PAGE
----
The Hausa are the largest ethnic group in West Africa. Since ancient times their people have lived in the region between Lake Chad and the Niger River. Hausa kings ruled their states from large, walled cities and established successful trading networks. Today, the largest group of Hausa lives in NIGERIA, but NIGER, CHAD, and GHANA also have Hausa populations.
Originally, the Hausa worshiped various ancestral gods. Islam was introduced to the region in the late 1200s, but did not really take hold until the early 1800s, when the Muslim FULANI launched a jihad there. The Fulani overthrew the old Hausa states, placed them under Muslim rule, and unified the region. Most of the Hausa became Muslims, and the Fulani rulers adopted the Hausa language.
The Hausa have always been known as traders. Over the years they developed weaving, dyeing, leatherworking, glassmaking, and metalworking industries. They sold their products throughout West Africa and along caravan routes across the SAHARA DESERT. The Hausa also established small trading posts at many points in Nigeria, which gave them a wider network through which they could distribute their goods. These posts also gave them access to additional markets. After the Fulani takeover, the Hausa trading network expanded even farther.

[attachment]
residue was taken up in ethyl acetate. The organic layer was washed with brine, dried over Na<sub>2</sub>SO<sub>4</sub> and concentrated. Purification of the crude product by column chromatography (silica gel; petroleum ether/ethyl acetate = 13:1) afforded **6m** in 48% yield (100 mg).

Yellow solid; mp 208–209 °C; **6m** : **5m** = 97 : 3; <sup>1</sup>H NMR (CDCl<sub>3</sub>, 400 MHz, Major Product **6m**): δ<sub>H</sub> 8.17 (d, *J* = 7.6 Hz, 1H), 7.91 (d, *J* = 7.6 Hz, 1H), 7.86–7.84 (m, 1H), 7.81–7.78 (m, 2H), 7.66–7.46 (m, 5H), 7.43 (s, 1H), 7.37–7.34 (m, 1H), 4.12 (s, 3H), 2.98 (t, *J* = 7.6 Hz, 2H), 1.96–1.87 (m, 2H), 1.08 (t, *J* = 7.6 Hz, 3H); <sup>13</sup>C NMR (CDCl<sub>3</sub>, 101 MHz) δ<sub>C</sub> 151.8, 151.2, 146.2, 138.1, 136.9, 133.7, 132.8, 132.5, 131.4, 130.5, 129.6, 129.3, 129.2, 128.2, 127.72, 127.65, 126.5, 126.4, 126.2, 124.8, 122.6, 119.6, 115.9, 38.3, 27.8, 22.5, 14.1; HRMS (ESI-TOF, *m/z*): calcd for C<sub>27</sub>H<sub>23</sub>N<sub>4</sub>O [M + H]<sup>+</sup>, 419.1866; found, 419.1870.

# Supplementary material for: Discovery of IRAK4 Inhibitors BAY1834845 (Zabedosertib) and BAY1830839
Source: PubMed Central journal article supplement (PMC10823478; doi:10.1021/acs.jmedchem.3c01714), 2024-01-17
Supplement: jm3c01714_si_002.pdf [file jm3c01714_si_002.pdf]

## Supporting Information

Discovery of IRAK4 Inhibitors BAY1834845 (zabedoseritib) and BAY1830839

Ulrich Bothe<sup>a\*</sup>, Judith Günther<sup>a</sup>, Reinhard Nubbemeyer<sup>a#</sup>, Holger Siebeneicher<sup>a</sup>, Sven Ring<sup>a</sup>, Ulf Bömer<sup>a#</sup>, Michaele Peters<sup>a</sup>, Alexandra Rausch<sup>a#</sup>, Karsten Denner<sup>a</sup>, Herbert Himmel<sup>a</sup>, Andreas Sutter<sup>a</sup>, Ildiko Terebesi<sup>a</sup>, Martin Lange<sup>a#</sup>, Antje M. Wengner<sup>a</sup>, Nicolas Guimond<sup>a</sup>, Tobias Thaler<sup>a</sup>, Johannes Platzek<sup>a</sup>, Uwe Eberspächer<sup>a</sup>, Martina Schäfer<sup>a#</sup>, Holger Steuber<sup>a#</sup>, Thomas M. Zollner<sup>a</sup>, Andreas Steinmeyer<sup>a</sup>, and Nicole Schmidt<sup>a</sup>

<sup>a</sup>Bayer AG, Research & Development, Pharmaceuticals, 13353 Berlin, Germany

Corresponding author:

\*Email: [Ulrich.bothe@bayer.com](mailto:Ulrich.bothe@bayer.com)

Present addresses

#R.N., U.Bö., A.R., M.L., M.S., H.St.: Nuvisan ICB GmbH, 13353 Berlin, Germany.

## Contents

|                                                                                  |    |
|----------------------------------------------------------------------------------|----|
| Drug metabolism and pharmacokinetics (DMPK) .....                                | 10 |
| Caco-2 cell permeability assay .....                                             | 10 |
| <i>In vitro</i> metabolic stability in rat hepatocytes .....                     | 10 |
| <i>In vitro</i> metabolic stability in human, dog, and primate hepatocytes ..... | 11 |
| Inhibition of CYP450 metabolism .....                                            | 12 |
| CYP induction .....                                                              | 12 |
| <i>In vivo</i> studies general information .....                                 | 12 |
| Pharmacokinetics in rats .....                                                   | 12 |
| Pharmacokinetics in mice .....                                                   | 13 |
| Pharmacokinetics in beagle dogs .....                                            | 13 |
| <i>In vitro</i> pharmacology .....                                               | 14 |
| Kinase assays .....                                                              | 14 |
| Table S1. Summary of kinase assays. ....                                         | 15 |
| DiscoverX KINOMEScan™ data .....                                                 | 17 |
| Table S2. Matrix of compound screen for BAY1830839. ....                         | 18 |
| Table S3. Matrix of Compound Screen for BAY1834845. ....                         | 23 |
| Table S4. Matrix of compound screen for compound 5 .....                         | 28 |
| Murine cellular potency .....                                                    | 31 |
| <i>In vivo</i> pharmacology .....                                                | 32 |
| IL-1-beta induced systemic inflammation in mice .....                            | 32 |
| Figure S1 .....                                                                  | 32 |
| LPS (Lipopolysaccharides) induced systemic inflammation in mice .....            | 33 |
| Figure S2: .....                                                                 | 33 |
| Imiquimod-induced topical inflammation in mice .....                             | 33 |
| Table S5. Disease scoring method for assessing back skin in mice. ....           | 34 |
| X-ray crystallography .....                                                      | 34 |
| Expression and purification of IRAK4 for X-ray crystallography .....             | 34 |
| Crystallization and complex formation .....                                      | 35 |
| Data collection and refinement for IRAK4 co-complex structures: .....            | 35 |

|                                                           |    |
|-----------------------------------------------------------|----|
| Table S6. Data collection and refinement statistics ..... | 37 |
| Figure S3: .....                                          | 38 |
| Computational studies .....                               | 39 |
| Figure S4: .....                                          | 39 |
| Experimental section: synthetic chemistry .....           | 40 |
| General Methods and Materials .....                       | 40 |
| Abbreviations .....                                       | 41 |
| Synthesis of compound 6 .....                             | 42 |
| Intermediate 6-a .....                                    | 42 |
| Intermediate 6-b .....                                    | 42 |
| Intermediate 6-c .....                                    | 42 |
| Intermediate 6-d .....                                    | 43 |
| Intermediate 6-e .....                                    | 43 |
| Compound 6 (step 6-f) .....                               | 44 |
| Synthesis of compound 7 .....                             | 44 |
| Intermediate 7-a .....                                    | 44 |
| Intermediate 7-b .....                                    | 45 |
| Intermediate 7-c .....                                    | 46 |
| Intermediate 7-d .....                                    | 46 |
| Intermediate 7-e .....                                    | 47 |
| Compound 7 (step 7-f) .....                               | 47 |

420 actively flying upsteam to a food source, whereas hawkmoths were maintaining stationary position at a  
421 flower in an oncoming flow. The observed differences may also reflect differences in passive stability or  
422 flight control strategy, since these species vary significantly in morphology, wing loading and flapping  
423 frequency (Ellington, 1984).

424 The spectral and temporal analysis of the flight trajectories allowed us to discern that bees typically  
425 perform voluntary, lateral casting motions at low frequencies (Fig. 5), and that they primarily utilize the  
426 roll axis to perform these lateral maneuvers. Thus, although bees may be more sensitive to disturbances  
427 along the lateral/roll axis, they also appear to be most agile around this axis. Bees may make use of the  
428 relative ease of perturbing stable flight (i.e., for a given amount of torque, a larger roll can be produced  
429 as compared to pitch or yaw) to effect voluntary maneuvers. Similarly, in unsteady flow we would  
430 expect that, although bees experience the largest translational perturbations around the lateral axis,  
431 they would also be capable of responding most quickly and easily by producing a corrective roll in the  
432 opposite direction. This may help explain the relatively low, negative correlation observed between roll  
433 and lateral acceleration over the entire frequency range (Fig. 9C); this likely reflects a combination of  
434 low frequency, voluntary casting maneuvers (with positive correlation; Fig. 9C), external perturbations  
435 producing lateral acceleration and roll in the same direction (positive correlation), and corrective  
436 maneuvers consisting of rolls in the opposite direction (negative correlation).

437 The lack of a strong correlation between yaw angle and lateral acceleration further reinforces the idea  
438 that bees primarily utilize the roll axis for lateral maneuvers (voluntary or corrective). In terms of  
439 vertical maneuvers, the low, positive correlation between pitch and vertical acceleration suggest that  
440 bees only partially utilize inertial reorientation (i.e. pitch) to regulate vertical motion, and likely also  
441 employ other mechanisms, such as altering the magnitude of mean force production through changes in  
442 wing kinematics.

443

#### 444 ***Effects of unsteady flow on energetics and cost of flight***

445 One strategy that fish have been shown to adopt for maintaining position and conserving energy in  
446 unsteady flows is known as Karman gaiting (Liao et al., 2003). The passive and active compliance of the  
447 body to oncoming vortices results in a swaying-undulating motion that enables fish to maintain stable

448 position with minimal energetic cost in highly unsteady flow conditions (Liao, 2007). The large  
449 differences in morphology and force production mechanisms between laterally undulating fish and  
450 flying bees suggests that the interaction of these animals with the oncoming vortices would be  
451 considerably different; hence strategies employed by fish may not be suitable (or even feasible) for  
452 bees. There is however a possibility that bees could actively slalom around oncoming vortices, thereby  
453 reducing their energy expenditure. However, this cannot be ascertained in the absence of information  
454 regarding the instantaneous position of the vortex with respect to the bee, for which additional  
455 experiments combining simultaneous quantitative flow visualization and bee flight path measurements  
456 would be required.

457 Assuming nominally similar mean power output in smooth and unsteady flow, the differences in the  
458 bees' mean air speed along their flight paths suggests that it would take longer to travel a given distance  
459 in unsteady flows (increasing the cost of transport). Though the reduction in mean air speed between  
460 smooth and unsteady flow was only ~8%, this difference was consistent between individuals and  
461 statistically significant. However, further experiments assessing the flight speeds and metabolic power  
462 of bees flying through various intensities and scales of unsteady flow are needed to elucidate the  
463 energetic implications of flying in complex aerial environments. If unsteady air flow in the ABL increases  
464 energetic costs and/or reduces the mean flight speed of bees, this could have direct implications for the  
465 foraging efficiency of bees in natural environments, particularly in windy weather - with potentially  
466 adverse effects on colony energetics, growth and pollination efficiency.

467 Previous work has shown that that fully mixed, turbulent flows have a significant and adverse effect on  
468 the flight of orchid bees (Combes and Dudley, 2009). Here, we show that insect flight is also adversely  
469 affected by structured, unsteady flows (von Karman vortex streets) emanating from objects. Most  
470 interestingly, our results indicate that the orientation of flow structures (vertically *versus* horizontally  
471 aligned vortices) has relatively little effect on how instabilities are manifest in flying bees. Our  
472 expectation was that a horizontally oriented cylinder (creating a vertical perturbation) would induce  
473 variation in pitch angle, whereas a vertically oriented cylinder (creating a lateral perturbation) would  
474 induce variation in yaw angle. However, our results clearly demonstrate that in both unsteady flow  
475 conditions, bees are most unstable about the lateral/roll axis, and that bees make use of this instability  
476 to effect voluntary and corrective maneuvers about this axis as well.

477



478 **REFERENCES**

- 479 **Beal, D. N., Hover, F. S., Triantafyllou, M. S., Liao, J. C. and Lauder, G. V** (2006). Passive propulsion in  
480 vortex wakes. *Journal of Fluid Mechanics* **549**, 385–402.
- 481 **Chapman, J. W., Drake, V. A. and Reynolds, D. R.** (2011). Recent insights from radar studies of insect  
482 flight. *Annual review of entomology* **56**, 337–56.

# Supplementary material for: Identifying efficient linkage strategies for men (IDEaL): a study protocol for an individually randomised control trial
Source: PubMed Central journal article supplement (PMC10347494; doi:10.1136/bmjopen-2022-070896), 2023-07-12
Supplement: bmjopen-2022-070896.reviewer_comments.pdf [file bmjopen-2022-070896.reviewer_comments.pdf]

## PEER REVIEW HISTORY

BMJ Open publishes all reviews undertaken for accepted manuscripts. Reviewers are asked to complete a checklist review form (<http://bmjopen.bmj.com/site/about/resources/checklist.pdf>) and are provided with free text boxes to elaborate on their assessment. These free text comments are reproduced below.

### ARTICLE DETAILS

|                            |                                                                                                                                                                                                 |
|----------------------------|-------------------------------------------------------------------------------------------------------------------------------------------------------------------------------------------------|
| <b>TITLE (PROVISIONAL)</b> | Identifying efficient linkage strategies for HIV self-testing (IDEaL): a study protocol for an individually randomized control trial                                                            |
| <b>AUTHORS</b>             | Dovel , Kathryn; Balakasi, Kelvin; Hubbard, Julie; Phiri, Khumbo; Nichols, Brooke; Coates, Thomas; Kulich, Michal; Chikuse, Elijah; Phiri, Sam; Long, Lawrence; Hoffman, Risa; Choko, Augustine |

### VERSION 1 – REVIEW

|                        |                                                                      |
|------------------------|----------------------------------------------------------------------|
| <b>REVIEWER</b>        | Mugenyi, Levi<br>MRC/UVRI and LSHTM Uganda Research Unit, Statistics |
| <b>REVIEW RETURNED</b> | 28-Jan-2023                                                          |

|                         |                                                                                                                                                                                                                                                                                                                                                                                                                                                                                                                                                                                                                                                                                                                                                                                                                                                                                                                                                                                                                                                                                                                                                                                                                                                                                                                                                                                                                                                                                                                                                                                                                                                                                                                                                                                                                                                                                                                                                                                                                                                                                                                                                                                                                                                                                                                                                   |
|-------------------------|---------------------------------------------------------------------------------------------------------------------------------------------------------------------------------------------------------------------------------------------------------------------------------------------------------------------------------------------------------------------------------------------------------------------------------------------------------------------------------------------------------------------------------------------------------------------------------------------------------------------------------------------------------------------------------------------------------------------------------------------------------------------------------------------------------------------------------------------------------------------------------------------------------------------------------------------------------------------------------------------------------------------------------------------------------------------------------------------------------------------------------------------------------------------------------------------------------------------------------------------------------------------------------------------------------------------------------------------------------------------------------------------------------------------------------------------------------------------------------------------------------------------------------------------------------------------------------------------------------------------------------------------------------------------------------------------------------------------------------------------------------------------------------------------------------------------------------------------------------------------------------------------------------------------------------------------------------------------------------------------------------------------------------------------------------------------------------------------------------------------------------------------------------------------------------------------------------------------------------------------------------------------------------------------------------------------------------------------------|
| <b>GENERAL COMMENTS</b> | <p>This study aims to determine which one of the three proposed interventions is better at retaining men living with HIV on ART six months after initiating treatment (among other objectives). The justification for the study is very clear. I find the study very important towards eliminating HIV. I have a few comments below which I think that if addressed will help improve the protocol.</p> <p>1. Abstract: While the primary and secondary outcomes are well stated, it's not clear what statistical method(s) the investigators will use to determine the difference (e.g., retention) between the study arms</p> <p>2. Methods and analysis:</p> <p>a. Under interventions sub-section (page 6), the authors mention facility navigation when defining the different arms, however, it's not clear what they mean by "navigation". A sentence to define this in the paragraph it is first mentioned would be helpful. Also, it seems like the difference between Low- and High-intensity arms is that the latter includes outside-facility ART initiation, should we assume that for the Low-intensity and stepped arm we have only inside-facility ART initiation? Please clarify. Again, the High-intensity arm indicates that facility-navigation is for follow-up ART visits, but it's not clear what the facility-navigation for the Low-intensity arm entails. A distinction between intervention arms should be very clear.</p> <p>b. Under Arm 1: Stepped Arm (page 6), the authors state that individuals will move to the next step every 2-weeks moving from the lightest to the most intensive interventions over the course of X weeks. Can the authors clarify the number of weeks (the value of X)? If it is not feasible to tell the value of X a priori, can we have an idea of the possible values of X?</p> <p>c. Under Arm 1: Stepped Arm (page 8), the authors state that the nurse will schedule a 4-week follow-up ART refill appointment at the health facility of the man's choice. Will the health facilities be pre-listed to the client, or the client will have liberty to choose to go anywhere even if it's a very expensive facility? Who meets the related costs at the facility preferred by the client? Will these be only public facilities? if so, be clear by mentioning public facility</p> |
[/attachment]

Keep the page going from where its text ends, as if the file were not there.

The Hausa are also farmers, growing corn, millet, rice, peanuts, and beans. They rely on an irrigation system that uses water drawn from shallow wells or streams. In Nigeria, the Hausa play an important role in politics and have produced a number of political leaders. (See also Ethnic Groups and Identity, Islam in Africa, Trade.)